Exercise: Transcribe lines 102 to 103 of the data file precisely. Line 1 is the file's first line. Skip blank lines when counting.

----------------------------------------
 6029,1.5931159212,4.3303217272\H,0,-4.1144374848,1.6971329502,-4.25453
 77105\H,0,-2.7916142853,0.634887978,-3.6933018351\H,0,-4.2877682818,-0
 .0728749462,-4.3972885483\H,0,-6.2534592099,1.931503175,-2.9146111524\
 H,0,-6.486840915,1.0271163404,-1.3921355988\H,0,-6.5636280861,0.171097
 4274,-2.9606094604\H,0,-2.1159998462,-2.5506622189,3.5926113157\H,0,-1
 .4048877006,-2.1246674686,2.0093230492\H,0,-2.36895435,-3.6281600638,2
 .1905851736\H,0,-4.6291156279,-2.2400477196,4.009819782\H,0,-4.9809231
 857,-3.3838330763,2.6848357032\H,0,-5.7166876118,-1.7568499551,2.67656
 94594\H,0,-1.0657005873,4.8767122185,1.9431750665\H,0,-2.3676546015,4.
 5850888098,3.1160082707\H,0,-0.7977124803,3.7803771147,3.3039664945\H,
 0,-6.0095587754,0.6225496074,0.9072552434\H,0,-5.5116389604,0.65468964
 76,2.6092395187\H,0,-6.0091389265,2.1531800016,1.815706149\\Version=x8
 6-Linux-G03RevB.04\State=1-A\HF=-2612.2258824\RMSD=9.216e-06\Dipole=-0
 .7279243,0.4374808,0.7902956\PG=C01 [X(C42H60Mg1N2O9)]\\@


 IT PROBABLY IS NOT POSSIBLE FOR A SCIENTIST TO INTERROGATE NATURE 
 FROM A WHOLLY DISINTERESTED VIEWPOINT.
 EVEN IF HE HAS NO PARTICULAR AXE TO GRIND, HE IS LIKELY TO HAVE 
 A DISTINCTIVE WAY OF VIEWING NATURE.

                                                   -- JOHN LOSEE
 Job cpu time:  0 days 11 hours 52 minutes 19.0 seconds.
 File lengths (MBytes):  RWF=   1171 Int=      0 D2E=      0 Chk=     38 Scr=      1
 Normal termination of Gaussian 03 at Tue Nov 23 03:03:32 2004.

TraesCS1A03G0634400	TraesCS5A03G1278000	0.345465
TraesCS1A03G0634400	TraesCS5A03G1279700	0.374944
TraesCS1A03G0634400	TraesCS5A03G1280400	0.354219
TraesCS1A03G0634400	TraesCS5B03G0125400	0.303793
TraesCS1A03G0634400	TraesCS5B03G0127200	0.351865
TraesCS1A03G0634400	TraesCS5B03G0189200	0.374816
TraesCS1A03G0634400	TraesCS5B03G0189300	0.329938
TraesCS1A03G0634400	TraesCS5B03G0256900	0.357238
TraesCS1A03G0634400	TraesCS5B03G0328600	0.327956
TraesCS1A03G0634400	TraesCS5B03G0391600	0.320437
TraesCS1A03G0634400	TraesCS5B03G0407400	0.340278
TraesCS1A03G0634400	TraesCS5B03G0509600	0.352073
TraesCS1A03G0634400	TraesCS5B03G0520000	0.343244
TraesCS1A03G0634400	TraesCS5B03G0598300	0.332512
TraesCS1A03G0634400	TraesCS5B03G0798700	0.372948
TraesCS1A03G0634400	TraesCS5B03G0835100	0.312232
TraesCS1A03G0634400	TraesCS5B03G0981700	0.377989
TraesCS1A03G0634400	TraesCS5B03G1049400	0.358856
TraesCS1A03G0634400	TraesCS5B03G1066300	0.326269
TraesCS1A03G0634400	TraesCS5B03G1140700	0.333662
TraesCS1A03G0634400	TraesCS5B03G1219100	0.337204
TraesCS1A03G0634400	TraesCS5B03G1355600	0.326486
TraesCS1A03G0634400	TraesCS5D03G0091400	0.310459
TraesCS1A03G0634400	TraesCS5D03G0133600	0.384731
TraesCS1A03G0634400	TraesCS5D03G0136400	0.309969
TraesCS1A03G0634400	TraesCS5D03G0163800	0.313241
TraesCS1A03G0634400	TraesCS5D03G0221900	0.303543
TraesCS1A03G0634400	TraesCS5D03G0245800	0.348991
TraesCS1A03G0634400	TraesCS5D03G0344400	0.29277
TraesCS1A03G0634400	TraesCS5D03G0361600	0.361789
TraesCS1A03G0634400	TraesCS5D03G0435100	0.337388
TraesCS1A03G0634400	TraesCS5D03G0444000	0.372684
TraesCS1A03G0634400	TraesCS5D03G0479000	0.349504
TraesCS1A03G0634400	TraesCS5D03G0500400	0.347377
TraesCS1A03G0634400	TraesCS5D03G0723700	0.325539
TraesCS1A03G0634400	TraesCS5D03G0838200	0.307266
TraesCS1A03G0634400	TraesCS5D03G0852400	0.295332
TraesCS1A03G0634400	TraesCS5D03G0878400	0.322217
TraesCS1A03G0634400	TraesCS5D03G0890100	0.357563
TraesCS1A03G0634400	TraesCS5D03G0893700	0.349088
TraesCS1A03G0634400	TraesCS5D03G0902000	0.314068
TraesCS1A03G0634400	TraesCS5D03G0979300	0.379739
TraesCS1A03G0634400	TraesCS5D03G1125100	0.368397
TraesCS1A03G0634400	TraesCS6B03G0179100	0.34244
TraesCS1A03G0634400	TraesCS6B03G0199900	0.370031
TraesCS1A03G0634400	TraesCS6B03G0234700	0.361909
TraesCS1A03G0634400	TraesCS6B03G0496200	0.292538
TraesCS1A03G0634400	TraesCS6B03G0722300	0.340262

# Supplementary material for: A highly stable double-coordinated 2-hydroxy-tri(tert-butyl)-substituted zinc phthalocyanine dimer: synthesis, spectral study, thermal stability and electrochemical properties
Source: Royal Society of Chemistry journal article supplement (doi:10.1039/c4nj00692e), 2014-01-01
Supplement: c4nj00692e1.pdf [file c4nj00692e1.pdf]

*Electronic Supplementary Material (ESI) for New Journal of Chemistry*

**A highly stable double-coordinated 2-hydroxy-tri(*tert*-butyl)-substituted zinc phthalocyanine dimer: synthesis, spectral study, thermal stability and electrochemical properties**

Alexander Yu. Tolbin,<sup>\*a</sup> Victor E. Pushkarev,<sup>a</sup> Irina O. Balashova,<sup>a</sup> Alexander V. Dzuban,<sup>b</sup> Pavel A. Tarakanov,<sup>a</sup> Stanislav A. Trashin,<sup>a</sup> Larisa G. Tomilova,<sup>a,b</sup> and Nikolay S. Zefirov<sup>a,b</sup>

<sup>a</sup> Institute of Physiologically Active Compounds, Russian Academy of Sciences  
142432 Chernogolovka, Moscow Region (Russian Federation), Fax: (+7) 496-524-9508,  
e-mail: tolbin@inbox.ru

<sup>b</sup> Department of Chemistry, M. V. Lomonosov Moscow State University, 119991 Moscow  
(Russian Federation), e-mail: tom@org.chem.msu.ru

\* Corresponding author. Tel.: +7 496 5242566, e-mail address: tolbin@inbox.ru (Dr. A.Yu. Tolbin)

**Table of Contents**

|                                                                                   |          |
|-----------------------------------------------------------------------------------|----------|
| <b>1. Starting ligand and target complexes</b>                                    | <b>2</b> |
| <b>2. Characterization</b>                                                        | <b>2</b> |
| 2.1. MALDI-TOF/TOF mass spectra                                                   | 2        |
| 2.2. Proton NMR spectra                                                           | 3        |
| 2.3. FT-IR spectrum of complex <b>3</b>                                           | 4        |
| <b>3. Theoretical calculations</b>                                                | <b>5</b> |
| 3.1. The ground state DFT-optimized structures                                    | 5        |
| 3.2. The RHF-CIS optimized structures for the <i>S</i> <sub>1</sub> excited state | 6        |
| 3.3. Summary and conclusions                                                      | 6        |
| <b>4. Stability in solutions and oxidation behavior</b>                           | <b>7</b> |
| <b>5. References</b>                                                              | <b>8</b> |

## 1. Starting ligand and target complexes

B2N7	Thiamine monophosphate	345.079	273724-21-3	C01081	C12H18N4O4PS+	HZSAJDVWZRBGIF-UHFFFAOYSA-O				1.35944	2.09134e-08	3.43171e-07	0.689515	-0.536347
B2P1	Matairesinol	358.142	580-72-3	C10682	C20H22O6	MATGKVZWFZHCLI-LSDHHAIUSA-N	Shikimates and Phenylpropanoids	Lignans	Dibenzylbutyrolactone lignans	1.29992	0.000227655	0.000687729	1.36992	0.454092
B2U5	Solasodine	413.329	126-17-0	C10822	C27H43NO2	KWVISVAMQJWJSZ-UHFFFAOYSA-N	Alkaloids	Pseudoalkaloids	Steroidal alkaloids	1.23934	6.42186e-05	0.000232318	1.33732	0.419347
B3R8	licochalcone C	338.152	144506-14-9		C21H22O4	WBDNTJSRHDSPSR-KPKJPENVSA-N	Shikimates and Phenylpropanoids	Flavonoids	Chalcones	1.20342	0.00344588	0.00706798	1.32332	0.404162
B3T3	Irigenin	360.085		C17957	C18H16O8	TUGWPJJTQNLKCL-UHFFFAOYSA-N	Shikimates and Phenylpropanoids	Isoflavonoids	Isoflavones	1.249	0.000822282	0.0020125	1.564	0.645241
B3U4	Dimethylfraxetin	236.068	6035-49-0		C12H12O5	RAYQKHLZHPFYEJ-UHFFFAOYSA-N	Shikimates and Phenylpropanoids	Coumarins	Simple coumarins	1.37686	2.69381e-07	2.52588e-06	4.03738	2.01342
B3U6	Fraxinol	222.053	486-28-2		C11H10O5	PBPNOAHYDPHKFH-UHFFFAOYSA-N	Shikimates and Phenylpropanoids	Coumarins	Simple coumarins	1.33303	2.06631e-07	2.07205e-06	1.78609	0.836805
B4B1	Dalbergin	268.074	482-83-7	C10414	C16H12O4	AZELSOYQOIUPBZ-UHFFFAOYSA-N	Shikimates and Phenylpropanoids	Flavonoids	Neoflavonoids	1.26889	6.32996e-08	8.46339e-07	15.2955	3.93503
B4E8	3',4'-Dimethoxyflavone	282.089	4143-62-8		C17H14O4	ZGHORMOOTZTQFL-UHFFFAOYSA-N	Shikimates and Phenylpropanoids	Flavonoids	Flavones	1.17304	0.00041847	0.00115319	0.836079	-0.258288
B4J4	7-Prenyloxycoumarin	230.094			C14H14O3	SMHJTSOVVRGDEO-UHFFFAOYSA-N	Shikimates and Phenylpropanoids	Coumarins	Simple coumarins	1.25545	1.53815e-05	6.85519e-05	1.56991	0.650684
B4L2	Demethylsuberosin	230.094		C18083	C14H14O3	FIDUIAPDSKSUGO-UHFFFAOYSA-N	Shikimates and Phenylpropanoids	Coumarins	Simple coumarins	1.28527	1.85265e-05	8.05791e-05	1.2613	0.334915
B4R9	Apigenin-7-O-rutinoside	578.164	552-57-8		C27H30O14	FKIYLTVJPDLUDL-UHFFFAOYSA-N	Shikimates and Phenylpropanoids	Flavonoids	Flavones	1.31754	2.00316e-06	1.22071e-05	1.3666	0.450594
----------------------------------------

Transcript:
B3T3	Irigenin	360.085		C17957	C18H16O8	TUGWPJJTQNLKCL-UHFFFAOYSA-N	Shikimates and Phenylpropanoids	Isoflavonoids	Isoflavones	1.249	0.000822282	0.0020125	1.564	0.645241
B3U4	Dimethylfraxetin	236.068	6035-49-0		C12H12O5	RAYQKHLZHPFYEJ-UHFFFAOYSA-N	Shikimates and Phenylpropanoids	Coumarins	Simple coumarins	1.37686	2.69381e-07	2.52588e-06	4.03738	2.01342